|Intercultural and Transnational Pedagogy: Editors' Introduction|
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Issue Editors: Ellen Posman, Baldwin-Wallace College, and Reid B. Locklin, University of Toronto
Inclusion and Expansion
At our current juncture in history, we are in what some might call a transnational moment. More than ever, people are crossing borders and coming into contact with one another. As people, cultures, and ideas intersect, higher education cannot stand still but must adapt to the changing intercultural world. This brings new challenges but also new opportunities for teaching theology and religious studies. Attention to transnational movements, global cultures, and the history of cultural contact provide distinct types of opportunities our classrooms can embrace, as the authors in this issue demonstrate.
Most importantly, institutions in general and classrooms in particular must be conscious of their own diversity and provide a welcoming atmosphere for every student. In this Spotlight, our contributors highlight the issue of inclusive classrooms above all else. Rather than making assumptions about students’ backgrounds, faculty must allow students to express their identities, share their voices, and affirm their experiences. Edwin David Aponte centers his essay on issues of inclusiveness, pointing to both a demographic and a cultural shift that brings to our classrooms students from diverse backgrounds, with diverse learning styles, different educational paths experienced before entering college, divergent aspirations, and even wide-ranging understandings about the value of higher education. He emphasizes that the university therefore needs to be more attentive than ever to inclusiveness in order to foster a true community of learning. This means incorporating a variety of teaching styles to make all students feel welcome.
Reflecting on the changing demographics of the United States as a whole, as revealed in the 2010 Census, Philip Wingeier-Rayo explores specific ways to create a welcoming atmosphere for Hispanic, Latina/o, and other minority student populations, whether by approaching students individually, initiating open-door policies for office hours, utilizing learning contracts, compiling ground rules for discussion, or advocating with university offices of admissions and student affairs. Anne Mocko incorporates the notion of our learning from our students’ experiences and Grace Ji-Sun Kim provides suggestions for encouraging more inclusive attitudes among our students, using both methods and content to do so. Gregory Lee Cuéllar’s and Jonathan Y. Tan’s pieces suggest that higher education needs to be more inclusive in terms of how it organizes its archives and more inclusive — or at least expansive — in terms of suggested online resources for student research.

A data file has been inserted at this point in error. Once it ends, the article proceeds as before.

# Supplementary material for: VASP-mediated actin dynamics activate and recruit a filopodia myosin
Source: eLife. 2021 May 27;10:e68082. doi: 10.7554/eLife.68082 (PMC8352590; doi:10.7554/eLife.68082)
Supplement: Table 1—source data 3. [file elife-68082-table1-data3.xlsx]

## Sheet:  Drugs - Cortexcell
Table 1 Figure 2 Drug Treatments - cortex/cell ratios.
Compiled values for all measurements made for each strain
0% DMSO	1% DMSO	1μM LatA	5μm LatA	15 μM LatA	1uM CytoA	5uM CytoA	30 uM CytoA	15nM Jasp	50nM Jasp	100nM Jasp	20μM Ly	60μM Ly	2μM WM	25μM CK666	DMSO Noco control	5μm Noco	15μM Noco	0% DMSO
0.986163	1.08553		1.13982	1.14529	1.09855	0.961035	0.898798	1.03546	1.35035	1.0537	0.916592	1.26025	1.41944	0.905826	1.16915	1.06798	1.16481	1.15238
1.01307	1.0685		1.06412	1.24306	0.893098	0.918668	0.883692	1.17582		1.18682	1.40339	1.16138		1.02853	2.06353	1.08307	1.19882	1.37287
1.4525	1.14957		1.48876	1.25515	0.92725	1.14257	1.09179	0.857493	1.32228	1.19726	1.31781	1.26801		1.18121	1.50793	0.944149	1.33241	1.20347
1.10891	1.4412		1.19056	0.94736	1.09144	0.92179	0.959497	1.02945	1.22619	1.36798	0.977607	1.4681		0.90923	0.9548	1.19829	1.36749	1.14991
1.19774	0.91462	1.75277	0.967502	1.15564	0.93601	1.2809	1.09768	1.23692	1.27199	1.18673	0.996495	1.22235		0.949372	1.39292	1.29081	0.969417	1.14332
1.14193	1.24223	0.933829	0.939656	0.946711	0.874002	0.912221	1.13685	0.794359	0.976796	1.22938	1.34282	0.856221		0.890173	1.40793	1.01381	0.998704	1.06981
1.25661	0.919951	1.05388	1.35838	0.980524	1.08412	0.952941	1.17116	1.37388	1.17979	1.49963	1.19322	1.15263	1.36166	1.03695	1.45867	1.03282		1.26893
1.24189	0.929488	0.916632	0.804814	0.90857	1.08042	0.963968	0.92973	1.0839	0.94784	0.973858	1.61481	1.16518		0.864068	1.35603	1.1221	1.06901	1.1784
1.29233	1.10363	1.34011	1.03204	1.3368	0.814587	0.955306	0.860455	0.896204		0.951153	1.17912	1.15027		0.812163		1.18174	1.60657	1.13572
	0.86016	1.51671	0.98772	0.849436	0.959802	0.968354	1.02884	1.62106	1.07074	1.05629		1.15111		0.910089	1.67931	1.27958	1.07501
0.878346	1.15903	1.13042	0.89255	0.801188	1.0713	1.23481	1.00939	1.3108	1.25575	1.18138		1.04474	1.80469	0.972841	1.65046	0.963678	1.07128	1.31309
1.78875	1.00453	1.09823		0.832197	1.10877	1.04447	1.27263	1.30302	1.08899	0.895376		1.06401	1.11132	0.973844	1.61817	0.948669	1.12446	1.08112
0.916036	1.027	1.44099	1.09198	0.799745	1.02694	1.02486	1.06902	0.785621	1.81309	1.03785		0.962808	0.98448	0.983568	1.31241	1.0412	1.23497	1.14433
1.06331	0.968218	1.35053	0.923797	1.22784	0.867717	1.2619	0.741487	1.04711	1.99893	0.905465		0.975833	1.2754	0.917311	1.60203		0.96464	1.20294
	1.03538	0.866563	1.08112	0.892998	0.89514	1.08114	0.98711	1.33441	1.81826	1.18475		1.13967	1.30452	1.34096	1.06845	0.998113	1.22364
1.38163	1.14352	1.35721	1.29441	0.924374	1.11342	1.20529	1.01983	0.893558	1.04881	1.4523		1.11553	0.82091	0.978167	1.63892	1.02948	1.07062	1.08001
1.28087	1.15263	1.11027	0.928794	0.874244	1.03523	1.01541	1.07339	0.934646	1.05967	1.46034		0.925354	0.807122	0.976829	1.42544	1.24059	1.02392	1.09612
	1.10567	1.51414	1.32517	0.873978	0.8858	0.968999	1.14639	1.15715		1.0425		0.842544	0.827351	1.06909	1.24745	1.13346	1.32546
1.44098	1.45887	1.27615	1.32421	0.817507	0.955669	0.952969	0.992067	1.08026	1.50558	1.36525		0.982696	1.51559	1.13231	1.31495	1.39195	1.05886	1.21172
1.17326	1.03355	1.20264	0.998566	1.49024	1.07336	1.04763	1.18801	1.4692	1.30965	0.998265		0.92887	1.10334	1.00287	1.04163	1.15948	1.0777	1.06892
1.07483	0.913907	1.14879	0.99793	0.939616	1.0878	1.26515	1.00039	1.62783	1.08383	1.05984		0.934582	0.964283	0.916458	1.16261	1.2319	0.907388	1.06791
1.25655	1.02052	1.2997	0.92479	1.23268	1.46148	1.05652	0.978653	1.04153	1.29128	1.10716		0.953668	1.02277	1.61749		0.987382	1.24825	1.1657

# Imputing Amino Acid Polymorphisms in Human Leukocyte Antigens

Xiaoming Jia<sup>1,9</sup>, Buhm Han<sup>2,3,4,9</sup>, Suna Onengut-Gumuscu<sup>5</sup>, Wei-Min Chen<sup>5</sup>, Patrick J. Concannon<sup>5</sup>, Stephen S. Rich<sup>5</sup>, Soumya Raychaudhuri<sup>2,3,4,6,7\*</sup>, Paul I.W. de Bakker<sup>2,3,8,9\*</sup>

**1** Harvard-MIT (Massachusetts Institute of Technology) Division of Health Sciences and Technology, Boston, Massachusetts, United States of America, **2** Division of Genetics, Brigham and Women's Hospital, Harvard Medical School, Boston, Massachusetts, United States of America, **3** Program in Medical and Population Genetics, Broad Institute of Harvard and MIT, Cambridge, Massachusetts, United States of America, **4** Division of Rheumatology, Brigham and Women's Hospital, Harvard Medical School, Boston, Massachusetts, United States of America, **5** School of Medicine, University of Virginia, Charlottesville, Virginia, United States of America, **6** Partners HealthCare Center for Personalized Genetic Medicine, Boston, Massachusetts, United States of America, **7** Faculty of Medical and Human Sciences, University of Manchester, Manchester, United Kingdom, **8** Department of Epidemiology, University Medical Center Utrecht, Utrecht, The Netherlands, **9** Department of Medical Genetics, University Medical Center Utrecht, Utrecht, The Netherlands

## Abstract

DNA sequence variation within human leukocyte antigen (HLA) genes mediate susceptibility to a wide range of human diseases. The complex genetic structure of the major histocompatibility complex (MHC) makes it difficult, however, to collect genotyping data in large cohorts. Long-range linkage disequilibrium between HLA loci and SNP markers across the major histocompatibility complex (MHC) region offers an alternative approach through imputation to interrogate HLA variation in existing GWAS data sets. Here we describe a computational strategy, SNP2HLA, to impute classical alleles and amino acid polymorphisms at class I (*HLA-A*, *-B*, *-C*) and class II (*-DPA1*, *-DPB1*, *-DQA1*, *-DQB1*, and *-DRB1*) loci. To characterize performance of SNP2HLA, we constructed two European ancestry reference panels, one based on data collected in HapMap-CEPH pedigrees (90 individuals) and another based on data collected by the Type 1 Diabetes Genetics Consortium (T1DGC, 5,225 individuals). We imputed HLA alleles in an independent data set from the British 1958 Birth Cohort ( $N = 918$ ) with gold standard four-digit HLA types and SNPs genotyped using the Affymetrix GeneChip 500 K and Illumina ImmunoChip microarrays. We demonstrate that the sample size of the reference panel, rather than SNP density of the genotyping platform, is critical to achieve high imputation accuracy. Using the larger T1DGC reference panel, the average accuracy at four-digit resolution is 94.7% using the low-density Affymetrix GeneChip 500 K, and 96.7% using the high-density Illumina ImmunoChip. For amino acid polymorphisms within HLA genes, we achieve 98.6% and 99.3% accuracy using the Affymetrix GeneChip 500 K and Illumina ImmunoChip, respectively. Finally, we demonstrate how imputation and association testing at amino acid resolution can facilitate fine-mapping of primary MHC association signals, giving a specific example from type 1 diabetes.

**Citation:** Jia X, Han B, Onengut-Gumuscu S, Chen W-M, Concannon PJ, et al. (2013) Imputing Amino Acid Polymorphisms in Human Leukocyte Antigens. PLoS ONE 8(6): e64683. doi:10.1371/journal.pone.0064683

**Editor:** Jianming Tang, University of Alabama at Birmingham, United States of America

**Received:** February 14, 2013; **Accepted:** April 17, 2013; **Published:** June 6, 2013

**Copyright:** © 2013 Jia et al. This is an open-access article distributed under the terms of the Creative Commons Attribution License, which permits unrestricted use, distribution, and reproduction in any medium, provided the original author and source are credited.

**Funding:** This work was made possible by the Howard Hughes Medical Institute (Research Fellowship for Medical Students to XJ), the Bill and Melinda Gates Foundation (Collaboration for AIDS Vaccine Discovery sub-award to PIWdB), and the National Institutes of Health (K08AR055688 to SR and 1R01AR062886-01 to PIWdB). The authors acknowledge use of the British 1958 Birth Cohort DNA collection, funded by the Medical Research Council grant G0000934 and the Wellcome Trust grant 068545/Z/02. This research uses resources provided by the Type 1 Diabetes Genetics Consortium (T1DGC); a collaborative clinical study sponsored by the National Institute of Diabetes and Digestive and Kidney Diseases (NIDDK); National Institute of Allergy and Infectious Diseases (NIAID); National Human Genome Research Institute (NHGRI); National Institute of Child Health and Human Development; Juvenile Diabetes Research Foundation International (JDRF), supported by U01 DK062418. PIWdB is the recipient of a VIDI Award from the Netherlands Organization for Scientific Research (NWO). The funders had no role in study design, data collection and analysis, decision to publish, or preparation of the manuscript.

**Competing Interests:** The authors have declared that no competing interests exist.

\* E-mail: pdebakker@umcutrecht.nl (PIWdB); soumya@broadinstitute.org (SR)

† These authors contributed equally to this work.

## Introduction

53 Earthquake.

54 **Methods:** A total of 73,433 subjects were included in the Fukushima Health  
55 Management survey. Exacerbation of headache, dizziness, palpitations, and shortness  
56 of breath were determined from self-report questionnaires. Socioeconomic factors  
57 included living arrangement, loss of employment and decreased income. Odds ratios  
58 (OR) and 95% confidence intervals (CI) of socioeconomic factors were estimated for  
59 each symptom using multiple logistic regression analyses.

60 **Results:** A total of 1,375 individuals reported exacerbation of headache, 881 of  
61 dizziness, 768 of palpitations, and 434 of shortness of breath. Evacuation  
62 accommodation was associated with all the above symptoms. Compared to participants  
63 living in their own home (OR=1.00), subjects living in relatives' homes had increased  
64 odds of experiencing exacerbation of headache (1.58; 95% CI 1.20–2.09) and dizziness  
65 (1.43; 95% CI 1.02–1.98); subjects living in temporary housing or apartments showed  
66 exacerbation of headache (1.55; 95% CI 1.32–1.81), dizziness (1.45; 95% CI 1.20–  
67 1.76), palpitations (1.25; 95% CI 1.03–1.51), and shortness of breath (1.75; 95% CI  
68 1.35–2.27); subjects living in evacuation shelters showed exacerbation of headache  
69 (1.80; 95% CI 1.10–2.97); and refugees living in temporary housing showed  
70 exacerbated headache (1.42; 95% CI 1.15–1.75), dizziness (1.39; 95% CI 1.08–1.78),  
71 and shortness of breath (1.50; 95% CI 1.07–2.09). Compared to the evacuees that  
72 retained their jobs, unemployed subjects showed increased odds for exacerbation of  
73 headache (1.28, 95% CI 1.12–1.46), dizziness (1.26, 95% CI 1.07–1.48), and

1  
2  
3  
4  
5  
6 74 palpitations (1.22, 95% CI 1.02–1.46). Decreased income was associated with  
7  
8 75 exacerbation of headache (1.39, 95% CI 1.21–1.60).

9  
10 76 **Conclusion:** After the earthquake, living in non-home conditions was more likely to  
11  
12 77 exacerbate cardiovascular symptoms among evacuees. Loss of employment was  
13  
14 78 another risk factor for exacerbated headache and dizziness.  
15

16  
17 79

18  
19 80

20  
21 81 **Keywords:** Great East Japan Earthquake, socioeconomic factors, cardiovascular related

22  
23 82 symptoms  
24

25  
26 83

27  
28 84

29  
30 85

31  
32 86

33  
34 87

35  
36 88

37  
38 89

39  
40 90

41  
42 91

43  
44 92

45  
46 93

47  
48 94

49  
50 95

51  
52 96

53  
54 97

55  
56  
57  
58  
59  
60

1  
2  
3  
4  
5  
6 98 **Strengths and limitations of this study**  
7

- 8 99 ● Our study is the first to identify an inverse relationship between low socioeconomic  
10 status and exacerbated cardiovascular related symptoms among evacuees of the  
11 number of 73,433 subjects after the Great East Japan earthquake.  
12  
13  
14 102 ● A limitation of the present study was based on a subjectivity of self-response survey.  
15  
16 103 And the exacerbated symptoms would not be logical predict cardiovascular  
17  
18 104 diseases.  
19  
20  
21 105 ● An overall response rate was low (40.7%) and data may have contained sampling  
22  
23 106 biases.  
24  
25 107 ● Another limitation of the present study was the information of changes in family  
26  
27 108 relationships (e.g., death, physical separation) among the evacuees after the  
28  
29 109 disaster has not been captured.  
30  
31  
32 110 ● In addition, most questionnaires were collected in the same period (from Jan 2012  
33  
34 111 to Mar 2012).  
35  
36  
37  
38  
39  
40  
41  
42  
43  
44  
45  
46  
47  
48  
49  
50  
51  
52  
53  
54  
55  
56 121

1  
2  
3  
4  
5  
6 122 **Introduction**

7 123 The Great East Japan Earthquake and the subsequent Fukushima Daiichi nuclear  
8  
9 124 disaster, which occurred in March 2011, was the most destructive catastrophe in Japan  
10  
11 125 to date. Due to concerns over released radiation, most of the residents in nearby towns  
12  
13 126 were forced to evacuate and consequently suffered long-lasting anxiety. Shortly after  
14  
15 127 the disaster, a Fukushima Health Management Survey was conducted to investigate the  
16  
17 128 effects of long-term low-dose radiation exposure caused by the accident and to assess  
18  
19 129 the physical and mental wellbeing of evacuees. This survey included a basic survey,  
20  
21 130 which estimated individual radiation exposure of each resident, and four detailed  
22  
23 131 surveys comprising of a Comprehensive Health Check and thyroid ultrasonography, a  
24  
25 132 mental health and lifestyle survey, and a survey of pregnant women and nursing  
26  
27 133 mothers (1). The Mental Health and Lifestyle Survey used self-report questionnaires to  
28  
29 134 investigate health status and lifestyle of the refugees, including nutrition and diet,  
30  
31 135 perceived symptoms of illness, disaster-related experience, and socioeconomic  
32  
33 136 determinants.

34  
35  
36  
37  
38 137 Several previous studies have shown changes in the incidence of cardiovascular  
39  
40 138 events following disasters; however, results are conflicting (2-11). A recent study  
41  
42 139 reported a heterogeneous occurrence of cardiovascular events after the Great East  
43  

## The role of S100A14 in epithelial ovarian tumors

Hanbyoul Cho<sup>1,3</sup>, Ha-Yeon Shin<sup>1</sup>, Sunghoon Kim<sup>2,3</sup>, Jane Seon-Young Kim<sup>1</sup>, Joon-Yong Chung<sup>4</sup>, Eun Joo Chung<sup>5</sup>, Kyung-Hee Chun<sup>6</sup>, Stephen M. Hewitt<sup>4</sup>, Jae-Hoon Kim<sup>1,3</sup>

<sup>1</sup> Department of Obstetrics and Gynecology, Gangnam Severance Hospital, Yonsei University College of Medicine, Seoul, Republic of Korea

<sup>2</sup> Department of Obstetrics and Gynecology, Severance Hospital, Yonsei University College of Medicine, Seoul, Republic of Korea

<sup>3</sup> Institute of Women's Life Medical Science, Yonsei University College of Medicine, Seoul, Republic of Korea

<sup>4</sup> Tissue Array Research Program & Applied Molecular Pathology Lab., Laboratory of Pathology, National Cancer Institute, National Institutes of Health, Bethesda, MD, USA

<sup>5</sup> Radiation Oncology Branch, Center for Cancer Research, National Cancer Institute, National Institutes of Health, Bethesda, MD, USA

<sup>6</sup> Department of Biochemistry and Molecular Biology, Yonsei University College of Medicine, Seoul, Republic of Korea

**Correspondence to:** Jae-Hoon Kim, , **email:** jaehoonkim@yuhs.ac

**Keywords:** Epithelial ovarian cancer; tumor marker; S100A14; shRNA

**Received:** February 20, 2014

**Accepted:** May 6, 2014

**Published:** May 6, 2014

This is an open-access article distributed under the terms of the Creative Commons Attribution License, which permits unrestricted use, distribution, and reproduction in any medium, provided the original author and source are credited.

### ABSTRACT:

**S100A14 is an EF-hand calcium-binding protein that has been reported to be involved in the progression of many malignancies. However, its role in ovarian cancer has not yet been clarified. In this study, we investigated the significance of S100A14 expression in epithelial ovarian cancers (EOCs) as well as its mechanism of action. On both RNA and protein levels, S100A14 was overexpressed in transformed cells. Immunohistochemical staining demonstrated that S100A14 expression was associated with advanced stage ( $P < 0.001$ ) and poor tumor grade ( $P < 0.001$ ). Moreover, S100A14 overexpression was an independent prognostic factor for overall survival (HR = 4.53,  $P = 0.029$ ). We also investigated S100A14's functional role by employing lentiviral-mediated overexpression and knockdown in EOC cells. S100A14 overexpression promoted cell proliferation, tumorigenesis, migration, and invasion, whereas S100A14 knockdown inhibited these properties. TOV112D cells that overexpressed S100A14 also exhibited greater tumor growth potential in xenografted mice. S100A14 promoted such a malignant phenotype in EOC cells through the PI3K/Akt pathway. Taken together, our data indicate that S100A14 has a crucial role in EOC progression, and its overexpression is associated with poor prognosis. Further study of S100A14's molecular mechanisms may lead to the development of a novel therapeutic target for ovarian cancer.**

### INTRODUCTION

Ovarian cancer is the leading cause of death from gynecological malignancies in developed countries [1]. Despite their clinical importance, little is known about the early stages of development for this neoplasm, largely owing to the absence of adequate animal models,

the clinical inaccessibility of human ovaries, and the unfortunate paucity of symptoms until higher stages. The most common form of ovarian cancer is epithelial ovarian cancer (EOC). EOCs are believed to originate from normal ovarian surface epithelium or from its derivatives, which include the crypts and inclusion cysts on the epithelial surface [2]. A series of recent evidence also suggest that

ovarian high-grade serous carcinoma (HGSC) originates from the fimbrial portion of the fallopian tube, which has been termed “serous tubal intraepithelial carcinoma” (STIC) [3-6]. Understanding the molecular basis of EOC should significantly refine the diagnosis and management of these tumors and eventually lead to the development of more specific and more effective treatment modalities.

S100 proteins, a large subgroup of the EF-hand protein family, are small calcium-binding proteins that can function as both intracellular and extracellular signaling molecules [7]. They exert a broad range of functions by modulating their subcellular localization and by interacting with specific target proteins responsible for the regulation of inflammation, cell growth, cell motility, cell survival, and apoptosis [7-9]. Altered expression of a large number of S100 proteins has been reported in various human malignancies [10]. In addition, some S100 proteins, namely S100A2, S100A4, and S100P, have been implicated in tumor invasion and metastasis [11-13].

Pertaining to that expansion of resources, our globalized world offers numerous materials for our classrooms that were previously unavailable, and our methods should adjust to utilize those resources rather than ignoring them simply because our own educations did not utilize them. Numerous authors note the possibility of site visits and immersion trips to provide intercultural experiences and they further note that the pluralism of our current moment makes such opportunities available locally, whereas in the past they would have necessitated long journeys. In Mocko’s case, the classroom itself is an intercultural opportunity. Following the notion of welcoming each student and valuing his or her experience, we need to recognize that these students may and often do have expertise in religions traditionally dubbed “foreign.” It is quite likely that Muslim students will want to take a class on Islam and Buddhist students will want to take a class on Buddhism, and the like. Whether their motivations are to learn more about their own family background or even because they are under the assumption that this will be an easy course for them, their lived experience is a valuable resource present in the classroom — and is not to be dismissed.
Beyond site visits, local guests, and demographics in the classroom, technology can bring global cultures to our own doorsteps like never before. Wingeier-Rayo uses Skype to bring guests into his World Religions classroom, and Mocko finds rituals on YouTube that provide visual examples of lived religions. Cuéllar’s article on Western hegemony in the maintenance of archives similarly suggests that there are various types of materials available that we are often trained to overlook. Tan, finally, addresses the possibility of technology for research on a variety of religions as well as on transnational religion and globalized religion themselves. He provides an extensive bibliography of online resources to recommend to students for responsible research. Extensive as it is, he notes that these are only a beginning of what is available through our globalized communication system.